President Donald Trump’s administration notified South Korea that the U.S. wants to revise the trade deal between the two nations, setting the stage for talks to begin within a month.
U.S. Trade Representative Robert Lighthizer requested a special session between the countries to discuss possible “amendments and modifications,” he said in a letter on Wednesday to South Korean Trade Minister Joo Hyung-hwan. South Korea’s Trade Ministry said in a statement it will send an official to the U.S. soon to discuss the date and agenda of a meeting.
Still, the ministry also said it has no obligation to respond to a U.S. request to amend the trade pact. Under the deal, both sides need to agree in order for talks to be held on altering it, the ministry said, adding that an initial step should be joint research into the U.S. claims about the impact of the pact on trade.
The talks would be an opportunity to “resolve several problems regarding market access in Korea for U.S. exports, and, most importantly, address our significant trade imbalance,” Lighthizer said, adding that the accord requires the special session to occur within 30 days. The U.S. has “real concerns” about the trade deficit with South Korea, he said.
The pact has not been revised since it came into effect in 2012. Updating trade deals in itself is not unusual—countries often do so to take account of changes to their economies, including things like e-commerce. But the U.S. has moved quickly since Donald Trump took office and signaled a more protectionist stance, including pulling the U.S. out of a 12-nation Pacific trade deal before it ratified the agreement.
North Korea Factor
The U.S. push to tweak the South Korea deal—known as KORUS—suggests a softer approach compared to its plan for a full renegotiation of the North American Free Trade Agreement. Trump needs Seoul onside to help rein in North Korea over its weapons programs, especially after Kim Jong Un’s recent first successful test-firing of an intercontinental ballistic missile.
Still, the talks will probably focus on the thorny issue of autos and prove tricky for new President Moon Jae-in. And they may be viewed with concern by South Korea’s neighbor Japan, which has also found itself in Trump’s cross-hairs for trade imbalances.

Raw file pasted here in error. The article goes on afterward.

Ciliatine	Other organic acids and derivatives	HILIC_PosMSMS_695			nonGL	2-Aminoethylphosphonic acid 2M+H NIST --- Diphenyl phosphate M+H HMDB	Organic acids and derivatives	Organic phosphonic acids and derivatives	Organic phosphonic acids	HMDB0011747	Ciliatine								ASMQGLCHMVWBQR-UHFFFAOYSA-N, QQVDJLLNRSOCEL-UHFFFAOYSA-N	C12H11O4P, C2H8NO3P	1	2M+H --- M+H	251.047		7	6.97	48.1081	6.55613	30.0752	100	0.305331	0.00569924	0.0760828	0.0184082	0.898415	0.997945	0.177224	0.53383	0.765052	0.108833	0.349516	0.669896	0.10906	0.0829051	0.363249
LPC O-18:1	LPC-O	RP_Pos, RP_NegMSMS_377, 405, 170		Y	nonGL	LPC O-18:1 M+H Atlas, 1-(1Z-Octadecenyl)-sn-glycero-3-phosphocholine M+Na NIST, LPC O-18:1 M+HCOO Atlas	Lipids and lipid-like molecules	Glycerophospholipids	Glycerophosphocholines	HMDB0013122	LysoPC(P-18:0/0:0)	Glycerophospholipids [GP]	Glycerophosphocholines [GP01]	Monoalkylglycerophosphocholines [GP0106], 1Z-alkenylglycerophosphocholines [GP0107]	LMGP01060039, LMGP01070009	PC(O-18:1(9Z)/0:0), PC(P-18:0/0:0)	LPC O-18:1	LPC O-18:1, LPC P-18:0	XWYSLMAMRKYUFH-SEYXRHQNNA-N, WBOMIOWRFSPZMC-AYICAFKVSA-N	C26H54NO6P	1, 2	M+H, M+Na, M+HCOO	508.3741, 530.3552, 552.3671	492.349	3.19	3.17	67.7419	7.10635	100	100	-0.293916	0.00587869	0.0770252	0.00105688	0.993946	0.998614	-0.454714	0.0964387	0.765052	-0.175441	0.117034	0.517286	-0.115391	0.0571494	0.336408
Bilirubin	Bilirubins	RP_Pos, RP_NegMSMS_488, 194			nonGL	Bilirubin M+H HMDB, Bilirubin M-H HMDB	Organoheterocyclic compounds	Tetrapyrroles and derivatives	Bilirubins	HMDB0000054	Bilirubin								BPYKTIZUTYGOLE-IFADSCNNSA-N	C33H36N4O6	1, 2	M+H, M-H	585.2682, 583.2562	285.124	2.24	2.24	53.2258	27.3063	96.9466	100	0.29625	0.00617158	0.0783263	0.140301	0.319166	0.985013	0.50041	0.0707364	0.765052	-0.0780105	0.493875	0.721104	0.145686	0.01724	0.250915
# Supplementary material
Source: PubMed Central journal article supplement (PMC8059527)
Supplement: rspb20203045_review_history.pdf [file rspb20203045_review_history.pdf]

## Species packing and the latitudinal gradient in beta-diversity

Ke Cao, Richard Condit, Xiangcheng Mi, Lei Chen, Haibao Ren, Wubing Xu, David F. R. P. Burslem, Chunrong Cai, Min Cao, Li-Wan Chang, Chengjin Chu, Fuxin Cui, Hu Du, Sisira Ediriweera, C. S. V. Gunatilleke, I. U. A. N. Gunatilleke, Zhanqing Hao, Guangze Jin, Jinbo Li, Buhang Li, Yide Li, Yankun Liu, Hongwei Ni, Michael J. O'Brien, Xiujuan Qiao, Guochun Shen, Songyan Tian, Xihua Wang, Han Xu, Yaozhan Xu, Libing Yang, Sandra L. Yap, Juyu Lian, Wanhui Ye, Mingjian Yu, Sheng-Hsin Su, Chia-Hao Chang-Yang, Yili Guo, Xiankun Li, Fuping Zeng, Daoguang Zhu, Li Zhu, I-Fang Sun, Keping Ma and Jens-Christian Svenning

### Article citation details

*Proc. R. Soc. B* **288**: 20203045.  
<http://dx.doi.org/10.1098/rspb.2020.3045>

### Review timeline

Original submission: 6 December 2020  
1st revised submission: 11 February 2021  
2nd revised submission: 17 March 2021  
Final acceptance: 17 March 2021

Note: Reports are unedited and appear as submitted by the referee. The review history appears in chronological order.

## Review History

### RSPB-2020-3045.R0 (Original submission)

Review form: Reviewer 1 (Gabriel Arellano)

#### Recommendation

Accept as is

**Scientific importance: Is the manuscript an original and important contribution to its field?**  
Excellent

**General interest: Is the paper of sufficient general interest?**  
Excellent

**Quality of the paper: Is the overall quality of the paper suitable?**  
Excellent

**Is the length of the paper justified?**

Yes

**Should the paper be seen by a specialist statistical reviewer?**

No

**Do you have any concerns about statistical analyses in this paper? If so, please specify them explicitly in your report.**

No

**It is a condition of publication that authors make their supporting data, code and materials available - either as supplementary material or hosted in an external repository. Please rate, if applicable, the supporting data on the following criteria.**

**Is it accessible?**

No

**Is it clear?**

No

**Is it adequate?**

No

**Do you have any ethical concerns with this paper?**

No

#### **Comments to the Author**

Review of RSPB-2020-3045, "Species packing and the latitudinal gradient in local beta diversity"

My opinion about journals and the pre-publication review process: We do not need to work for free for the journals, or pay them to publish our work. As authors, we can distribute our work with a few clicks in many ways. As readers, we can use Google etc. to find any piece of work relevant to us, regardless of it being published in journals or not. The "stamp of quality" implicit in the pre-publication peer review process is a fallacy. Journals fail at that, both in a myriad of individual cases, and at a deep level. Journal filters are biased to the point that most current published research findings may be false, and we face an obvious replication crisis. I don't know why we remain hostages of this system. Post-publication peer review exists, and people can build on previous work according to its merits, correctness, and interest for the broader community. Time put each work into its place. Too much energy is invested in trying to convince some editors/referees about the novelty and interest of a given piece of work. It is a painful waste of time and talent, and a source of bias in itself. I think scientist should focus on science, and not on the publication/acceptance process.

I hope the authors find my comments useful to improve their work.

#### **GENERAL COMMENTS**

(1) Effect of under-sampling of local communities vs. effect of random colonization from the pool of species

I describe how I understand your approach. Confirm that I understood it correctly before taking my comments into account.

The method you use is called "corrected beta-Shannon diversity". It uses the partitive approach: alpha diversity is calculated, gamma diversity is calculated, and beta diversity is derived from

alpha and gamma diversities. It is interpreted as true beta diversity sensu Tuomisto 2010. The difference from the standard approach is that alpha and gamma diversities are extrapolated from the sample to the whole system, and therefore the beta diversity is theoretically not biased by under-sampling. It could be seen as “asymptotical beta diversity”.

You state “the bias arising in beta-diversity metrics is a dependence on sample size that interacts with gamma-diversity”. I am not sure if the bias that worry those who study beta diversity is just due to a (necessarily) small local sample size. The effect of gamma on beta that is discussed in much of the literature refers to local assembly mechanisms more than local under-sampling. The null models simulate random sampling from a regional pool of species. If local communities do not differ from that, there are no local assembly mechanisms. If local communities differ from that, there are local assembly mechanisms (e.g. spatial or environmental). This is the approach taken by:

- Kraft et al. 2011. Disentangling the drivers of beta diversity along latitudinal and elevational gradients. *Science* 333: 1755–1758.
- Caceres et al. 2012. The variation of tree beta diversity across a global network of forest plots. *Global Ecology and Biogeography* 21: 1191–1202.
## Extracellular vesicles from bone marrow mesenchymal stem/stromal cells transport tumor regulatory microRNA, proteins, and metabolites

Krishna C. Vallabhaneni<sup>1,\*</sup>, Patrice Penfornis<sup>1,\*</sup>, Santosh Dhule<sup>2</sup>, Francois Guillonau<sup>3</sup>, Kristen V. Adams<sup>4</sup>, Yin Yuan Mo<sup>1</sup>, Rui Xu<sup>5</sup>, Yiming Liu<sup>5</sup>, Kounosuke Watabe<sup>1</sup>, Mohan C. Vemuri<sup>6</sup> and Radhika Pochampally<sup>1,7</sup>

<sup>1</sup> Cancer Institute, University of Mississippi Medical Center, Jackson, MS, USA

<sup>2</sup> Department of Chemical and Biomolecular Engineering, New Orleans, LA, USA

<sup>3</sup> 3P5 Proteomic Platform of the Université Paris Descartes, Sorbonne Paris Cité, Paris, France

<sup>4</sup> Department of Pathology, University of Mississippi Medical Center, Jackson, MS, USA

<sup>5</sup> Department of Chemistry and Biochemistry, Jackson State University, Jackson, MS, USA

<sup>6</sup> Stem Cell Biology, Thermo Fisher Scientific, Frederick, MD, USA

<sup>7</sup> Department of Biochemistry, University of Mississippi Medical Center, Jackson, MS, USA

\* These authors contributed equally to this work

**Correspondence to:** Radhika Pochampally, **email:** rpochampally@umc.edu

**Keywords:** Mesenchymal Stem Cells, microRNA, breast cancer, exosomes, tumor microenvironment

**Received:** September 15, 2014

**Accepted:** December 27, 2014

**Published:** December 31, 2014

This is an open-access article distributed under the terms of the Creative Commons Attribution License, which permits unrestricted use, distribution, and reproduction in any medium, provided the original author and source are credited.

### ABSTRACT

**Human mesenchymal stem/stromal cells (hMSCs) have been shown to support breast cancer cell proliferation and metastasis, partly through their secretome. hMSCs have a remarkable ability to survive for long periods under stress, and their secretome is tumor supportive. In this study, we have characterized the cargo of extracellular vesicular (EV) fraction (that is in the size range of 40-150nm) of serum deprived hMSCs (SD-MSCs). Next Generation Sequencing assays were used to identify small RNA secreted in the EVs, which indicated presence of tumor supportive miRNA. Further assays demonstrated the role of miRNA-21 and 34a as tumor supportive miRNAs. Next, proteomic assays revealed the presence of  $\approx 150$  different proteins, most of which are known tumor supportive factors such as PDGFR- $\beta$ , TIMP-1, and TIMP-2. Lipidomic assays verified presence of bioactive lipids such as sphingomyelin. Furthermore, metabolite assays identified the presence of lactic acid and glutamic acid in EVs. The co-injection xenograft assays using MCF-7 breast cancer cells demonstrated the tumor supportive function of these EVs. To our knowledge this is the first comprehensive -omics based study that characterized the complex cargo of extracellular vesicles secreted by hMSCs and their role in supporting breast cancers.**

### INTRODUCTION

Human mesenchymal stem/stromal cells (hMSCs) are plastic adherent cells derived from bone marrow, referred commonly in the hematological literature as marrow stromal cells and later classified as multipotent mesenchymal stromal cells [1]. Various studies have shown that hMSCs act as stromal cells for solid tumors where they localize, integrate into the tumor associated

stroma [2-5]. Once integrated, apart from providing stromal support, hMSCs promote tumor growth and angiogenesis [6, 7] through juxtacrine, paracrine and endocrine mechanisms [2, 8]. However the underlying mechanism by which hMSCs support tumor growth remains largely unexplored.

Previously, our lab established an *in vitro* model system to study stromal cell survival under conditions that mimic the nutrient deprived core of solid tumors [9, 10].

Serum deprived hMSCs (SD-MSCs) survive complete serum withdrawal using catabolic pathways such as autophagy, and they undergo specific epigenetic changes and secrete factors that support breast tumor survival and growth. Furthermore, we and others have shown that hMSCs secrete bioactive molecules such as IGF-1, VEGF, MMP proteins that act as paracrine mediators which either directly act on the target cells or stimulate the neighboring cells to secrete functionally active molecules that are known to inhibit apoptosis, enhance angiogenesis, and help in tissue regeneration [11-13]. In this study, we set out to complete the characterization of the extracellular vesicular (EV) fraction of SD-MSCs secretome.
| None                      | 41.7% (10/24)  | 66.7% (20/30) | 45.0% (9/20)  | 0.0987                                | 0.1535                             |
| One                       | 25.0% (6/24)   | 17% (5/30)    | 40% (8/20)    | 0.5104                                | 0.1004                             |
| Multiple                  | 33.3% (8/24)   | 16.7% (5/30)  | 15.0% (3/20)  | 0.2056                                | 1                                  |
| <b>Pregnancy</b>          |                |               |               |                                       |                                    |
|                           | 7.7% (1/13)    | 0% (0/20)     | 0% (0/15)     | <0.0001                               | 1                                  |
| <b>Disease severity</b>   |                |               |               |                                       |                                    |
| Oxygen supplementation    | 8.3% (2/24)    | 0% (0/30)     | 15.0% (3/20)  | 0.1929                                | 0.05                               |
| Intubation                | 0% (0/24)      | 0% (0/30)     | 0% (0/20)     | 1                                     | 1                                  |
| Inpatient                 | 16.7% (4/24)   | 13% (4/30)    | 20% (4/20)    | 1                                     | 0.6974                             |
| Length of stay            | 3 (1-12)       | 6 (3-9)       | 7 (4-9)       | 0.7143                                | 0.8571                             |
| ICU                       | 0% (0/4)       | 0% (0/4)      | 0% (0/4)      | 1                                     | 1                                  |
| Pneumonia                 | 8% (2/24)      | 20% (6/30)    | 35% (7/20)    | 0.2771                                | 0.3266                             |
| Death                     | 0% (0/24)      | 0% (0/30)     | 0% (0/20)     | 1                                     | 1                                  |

Joo is only staying in the ministerial seat while Moon seeks to get his nominee —energy engineering professor Paik Un-gyu—approved for the post. Moon has also sought the green light from parliament to bring the trade minister role back under the industry ministry umbrella, but is struggling without a majority in the legislature.
“The Moon’s government restructure plan hasn’t been approved by the parliament and we don’t have Lighthizer’s counterpart yet, so we want the U.S. to consider this and hold the meeting when we have the new trade minister,” Yeo Han-koo, director-general for trade policy at the trade ministry, said by phone on Thursday.
“If the U.S. has concerns on the trade deficit or trade barriers, the two countries could conduct joint research to see if there’s any other solutions other than revision of the deal to resolve the concerns,” Yeo said.
South Korea is the U.S.’s sixth-largest trading partner, while the U.S. is South Korea’s second-largest trading partner after China. The U.S. had a $17.6 billion trade gap with South Korea last year, wider than $7.7 billion in 2012.
Trump has called KORUS a “horrible” deal. After meeting Moon at the White House in late June, Trump said South Korea should give U.S. automakers a “fair shake” to sell more cars there.
Moon didn’t directly address Trump’s complaints about trade in his public comments in Washington. But in a statement on the presidential office website, policy adviser Jang Ha-sung said Moon emphasized in his talks with Trump that the deal is a reciprocal one.
South Korea argues that automobiles are a small fraction of total exports to America. The country sent 964,432 vehicles there in 2016, down 9.5 percent from the previous year, according to the Korea Automobile Manufacturers Association. Imports of U.S. cars rose 22 percent to 60,099 units, it said.
As part of its efforts to avoid the manipulator label and a major renegotiation of its trade deal, South Korea has announced plans to import more energy products from the U.S., while encouraging its companies to invest more in America.
USTR officials contacted lawmakers Tuesday to indicate the administration plans to approach South Korea soon to start the talks, said two people with knowledge of the matter who asked not to be identified because the discussions aren’t public.
Lighthizer will likely seek changes to the deal that don’t require the administration to seek so-called fast-track authority from Congress, said one of the people. Under that process, the administration consults with lawmakers on its renegotiation objectives, allowing it to seek a simple yes-or-no vote from Congress.